njr 2.0 2005/2


Moving to Flickr

I’ve moved my one-off photos and screenshots to Flickr. So far, it’s been working pretty well; I’m emailing photos directly from my hiptop where appropriate, and using 1001 as a Mac client. I wish 1001 had better support for posting screenshots: I’d love to be able to just paste an image into the upload window and have it get converted to PNG automatically, rather than having to go through Preview exporting first.

14:45:52 | comment [] | trackback [] #

Going to PyCon

I’m going to PyCon DC 2005. I’m using Python an increasing amount in my research, not to mention using it for much of the development I did at my last job, so I’m interested to get a better sense of what’s going on in the Python community. 14:43:44 | comment [] | trackback [] #

AppleScript is fun, part 2

Exorcise converted RAWs (view as HTML, download AppleScript) is a script for iView MediaPro which deletes all the RAW files for which converted JPEG versions exist and label 0 isn't applied (in my case, that label is named “Keep as RAW”, for those photos where I’m not satisfied with the conversion yet). Pretty trivial to write, a bit more difficult to optimize by not sending lots and lots of Apple Events to iView MediaPro. Dump it in ~/Library/Application Support/iView/Plug-ins/Scripts/.

Of course, I spent all the time I planned to use last weekend processing photos writing the above script; but at least I’ll be set for this weekend.

14:33:04 | comment [] | trackback [] #

AppleScript is fun!

No, not really; I find it really frustrating programming almost exclusively by trial and error. I figured I might as well potentially save some people time in experimentation, and share the couple of scripts I wrote this week.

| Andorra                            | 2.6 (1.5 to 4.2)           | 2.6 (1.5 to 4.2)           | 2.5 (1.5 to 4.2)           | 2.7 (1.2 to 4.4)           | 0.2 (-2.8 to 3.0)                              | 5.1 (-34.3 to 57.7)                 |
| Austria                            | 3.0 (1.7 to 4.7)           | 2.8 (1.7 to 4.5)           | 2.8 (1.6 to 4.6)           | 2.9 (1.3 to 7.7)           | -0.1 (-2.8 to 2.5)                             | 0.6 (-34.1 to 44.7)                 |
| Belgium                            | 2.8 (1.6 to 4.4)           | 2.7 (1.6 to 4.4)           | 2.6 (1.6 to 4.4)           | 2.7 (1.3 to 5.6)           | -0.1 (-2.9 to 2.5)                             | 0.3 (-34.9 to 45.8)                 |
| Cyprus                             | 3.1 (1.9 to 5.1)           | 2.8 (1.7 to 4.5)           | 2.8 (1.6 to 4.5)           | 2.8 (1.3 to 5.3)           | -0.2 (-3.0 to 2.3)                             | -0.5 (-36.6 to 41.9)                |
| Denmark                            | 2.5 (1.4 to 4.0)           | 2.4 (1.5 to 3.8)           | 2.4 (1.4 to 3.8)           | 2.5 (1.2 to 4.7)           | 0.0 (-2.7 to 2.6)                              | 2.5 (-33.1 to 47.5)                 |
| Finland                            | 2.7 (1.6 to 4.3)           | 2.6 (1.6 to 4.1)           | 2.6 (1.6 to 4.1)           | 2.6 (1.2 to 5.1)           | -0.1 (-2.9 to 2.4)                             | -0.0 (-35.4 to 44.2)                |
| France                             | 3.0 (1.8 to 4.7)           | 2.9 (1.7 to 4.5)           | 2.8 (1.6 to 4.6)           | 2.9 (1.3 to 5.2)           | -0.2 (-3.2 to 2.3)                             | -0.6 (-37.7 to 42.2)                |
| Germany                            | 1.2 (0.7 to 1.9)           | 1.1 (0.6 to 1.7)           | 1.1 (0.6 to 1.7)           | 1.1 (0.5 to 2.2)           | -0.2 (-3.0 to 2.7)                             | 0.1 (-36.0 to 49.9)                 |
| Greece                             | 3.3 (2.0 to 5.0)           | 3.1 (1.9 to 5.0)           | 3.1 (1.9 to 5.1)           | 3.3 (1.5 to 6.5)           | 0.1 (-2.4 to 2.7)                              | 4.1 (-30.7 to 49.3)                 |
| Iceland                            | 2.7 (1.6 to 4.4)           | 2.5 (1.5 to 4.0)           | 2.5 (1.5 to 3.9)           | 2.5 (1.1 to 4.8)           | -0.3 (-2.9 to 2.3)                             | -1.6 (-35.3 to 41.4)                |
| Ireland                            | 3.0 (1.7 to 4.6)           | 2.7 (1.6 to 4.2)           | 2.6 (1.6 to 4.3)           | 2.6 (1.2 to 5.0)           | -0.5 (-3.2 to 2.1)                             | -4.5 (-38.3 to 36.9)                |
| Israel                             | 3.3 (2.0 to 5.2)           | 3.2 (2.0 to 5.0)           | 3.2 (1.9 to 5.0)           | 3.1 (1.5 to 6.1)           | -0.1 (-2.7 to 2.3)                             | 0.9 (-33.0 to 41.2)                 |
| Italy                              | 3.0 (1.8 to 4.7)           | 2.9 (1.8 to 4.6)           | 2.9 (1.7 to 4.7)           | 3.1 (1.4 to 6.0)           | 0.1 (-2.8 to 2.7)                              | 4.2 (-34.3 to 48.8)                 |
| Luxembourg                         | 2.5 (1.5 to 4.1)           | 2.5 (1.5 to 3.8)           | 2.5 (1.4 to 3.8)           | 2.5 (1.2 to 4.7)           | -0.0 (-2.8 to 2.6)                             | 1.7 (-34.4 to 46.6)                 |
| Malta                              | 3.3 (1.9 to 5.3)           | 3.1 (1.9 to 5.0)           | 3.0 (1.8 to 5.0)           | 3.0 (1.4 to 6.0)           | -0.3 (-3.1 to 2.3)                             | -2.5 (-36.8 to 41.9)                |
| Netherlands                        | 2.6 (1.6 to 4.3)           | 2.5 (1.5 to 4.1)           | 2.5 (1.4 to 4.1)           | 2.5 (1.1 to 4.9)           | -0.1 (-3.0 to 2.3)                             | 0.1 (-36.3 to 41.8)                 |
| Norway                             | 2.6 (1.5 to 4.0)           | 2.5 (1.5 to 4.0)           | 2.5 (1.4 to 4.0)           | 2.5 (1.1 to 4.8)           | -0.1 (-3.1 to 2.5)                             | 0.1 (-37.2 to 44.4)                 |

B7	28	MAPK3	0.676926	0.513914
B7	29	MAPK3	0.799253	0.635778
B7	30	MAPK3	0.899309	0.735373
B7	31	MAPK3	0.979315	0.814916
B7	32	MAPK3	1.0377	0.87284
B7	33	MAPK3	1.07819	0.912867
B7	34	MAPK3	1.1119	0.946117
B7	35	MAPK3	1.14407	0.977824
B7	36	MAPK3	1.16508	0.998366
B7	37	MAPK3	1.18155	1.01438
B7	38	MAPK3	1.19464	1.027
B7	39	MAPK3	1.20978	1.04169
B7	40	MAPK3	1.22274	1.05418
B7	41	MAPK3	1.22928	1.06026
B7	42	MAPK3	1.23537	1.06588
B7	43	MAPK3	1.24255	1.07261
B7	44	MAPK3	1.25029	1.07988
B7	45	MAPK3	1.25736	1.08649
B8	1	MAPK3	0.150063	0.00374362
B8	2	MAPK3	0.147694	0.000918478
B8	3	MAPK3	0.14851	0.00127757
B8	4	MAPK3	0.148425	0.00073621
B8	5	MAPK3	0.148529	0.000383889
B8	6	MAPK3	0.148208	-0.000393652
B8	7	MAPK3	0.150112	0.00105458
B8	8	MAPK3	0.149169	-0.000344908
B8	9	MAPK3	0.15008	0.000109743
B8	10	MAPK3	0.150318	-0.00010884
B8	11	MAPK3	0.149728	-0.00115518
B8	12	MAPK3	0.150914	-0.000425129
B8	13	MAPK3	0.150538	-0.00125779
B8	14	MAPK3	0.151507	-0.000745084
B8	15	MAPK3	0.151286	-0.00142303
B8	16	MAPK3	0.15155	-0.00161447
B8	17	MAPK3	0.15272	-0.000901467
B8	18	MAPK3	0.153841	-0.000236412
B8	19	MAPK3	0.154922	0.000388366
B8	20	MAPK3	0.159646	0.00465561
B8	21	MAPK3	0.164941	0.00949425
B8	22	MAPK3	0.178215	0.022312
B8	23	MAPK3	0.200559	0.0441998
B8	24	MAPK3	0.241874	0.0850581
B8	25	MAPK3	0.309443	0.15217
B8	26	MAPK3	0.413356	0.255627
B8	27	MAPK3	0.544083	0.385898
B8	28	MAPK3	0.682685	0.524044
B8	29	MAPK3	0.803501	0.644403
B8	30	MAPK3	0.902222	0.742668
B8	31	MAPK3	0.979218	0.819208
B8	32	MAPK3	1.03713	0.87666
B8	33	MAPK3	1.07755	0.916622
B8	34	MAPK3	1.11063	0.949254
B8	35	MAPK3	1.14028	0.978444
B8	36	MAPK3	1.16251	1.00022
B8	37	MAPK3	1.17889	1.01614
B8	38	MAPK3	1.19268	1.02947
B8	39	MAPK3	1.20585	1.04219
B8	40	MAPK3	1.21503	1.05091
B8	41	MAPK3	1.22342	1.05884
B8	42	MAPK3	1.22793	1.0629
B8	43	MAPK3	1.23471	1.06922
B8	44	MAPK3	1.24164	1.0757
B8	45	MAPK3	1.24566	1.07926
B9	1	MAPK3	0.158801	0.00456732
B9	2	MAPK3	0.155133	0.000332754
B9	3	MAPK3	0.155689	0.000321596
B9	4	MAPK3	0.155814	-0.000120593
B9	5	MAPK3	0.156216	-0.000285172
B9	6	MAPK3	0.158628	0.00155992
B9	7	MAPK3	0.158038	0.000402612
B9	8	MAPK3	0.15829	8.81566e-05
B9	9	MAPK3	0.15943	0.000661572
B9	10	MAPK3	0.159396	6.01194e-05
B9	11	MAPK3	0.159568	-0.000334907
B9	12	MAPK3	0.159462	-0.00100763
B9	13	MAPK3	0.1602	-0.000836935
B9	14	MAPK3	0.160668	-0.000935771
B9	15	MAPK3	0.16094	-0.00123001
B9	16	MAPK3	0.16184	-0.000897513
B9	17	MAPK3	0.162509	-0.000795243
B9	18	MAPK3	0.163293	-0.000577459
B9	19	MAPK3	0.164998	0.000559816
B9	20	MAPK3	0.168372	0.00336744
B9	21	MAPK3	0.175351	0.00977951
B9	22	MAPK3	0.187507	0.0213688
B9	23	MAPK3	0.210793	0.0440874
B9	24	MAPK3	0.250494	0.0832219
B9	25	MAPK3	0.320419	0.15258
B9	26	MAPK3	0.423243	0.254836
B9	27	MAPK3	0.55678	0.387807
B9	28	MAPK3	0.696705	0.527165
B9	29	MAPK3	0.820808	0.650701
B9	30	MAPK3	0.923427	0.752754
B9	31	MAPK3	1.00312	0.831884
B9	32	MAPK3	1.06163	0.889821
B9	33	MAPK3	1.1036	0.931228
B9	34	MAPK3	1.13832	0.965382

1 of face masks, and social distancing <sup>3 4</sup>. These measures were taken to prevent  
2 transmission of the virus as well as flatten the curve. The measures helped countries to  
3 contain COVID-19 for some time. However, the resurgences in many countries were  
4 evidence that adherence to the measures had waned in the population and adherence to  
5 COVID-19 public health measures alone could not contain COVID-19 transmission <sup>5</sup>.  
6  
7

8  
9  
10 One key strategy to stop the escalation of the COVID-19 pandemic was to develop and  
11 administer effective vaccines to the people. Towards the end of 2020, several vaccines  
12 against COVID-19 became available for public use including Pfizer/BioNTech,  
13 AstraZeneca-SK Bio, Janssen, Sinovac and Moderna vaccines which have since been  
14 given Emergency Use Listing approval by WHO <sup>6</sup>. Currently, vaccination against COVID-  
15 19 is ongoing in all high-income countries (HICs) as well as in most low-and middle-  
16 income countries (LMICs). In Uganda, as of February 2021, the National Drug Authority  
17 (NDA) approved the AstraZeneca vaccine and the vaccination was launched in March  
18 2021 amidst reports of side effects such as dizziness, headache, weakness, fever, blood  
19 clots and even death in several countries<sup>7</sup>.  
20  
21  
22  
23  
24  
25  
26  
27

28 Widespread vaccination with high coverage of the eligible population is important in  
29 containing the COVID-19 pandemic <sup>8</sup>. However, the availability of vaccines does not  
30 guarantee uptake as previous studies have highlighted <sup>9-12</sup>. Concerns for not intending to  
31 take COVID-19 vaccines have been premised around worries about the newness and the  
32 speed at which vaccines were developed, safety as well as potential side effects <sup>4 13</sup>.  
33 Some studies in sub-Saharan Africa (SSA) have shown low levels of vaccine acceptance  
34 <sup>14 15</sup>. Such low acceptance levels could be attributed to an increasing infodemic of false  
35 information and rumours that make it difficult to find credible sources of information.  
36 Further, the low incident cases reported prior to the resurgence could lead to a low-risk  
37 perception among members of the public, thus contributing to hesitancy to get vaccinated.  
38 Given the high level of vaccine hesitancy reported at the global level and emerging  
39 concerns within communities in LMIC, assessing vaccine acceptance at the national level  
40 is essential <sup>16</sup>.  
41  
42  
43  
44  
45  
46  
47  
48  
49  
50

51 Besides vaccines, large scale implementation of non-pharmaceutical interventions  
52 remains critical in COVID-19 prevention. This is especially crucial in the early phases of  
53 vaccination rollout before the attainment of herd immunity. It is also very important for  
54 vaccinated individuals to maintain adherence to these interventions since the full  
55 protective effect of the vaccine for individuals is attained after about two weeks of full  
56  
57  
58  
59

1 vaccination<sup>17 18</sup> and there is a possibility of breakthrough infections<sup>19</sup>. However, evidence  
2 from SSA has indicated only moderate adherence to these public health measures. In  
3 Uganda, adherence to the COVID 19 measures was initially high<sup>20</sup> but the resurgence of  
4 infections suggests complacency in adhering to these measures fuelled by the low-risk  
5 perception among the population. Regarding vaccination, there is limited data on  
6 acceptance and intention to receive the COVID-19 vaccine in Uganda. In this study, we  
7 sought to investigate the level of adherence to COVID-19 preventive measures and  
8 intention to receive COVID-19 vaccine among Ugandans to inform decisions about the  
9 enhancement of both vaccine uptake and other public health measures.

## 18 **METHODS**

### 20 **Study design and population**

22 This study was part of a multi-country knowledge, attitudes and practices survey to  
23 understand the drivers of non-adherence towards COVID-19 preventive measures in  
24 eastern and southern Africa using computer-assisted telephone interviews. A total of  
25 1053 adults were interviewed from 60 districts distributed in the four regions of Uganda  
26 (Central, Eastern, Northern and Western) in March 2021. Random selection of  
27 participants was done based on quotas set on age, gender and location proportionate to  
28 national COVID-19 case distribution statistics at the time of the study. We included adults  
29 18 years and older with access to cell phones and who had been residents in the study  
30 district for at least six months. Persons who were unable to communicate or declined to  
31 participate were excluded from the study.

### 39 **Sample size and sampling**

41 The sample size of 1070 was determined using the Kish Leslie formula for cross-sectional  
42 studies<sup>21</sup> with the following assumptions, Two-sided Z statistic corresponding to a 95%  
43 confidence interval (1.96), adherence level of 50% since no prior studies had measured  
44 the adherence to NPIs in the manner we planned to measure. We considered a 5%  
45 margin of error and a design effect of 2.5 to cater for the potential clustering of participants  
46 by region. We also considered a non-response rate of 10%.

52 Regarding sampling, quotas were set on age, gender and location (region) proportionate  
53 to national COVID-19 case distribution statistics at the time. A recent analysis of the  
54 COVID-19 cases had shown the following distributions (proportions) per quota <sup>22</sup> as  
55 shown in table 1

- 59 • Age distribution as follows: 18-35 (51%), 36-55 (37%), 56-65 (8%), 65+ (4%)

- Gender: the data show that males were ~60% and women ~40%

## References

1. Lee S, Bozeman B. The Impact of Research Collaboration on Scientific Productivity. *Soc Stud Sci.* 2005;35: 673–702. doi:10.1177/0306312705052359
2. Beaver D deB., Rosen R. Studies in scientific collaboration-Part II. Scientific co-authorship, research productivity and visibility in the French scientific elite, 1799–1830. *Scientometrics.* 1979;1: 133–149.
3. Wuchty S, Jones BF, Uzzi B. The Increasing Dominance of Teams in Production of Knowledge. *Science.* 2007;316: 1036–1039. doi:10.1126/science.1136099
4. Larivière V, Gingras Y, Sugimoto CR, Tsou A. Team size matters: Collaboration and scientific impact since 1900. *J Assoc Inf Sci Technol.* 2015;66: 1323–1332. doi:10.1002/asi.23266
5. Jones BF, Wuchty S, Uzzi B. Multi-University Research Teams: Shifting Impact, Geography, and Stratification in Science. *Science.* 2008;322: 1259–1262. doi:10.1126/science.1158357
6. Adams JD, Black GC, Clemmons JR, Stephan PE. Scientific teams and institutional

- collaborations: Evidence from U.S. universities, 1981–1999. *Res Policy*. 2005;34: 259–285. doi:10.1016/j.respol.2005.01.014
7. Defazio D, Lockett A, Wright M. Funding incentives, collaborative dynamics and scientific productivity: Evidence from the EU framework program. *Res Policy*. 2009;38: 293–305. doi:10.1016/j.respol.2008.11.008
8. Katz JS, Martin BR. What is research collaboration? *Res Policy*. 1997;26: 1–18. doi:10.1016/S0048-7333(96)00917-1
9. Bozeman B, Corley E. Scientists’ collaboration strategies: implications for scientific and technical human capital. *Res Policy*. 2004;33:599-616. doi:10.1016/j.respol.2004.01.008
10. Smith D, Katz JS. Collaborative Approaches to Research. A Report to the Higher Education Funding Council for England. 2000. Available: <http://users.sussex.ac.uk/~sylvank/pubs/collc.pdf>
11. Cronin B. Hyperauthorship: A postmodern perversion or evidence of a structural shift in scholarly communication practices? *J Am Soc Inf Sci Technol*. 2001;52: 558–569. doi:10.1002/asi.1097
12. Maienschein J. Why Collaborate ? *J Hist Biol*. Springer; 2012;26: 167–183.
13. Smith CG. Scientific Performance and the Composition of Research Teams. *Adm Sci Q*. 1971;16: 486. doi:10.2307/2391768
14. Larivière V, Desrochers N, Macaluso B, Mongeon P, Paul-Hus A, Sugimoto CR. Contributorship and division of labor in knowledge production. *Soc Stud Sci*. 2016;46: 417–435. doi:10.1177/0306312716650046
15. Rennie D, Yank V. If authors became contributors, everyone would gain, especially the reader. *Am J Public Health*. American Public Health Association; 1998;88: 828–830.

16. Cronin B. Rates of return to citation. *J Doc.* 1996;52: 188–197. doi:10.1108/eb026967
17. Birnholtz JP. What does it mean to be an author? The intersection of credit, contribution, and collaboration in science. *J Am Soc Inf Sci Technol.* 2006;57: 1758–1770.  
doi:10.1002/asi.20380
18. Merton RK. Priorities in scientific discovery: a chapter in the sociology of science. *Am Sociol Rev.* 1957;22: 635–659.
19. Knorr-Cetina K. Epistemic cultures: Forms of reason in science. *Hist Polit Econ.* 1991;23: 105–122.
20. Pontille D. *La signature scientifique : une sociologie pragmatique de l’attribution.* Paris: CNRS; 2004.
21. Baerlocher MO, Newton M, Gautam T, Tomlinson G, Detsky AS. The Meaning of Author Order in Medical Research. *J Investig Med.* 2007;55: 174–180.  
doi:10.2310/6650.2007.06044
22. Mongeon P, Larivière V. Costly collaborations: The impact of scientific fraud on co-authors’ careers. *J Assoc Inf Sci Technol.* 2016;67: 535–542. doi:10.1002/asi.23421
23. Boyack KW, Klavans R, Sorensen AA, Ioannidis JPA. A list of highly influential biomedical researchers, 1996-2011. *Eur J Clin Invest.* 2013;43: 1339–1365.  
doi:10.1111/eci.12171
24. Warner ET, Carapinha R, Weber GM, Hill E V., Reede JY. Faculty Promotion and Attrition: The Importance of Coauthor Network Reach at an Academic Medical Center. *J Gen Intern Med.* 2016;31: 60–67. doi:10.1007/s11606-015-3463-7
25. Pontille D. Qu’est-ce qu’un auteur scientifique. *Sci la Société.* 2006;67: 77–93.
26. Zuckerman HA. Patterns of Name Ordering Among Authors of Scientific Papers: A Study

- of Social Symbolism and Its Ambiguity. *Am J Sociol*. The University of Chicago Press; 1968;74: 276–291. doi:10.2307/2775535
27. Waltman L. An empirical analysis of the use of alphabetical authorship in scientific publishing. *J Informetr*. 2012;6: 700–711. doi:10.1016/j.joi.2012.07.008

Move message to saved (view as HTML, download AppleScript) lets me use my inboxes as “to-do” lists; after I put the script in ~/Library/Scripts/Mail Scripts/ and name it “Move message to saved___cmd-d”, I can use command-D to move mail from my inbox to a mailbox named after the month.

It does for Apple Mail what takes a couple of lines of configuration file in Mutt:

folder-hook . save-hook .+ `date +'=%Y-%m'`
folder-hook \\+/.* set mbox=`date +'=+/%Y-%m'`
(The Mail version only matches INBOX and +/INBOX boxes, though, since in actuality those are the only ones I ever evaluate the save-hook from.)

Mutt’s save-hooks let me automatically file mail according to any characteristic of the mail I want. It’s perfect when I want certain pieces of mail to be high-priority enough to be dumped into my inbox, but don’t want them saved along with the rest of my mail (say, if they are sent to a mailing list). It’s a bit like Eudora’s ability to specify that certain rules should only apply when manually filtering. Apple Mail has an “Apply Rules” menu item, but there appears to be no way to specify that certain rules don’t get applied automatically.

Thankfully, Apple Mail is reasonably scriptable. The obvious handler for selected messages doesn’t work, for some reason; when I try to extract the mailboxes from those messages, despite their being the exact same mailbox, they don’t test as equal to the two inboxes I want to check for. So I just grab the selection out of the frontmost mail viewer explicitly.

Otherwise, the only other painful part was ensuring that some message was selected once the mail was moved; I had to do that with accessibility scripting (hit the down arrow key, after spending 10 minutes figuring out what key code that was).

Still, scripting the Mac is a lot nicer than it used to be. Here’s hoping whatever eventually replaces AppleScript will deal with the terminology messes once and for all.

14:28:48 | comment [] | trackback [] #

I want...

I want I want I want.

Either that, or I buy a desktop G5 this summer and try to figure out some way to get it to school with me (with the approval of the powers that be). More screen space == good.

22:37:20 | comment [] | trackback [] #
February 2005
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Computer architecture, medicine, usability, Mac OS X, Python, Cocoa and hiptop development, and my life.

© 2005, Nicholas Riley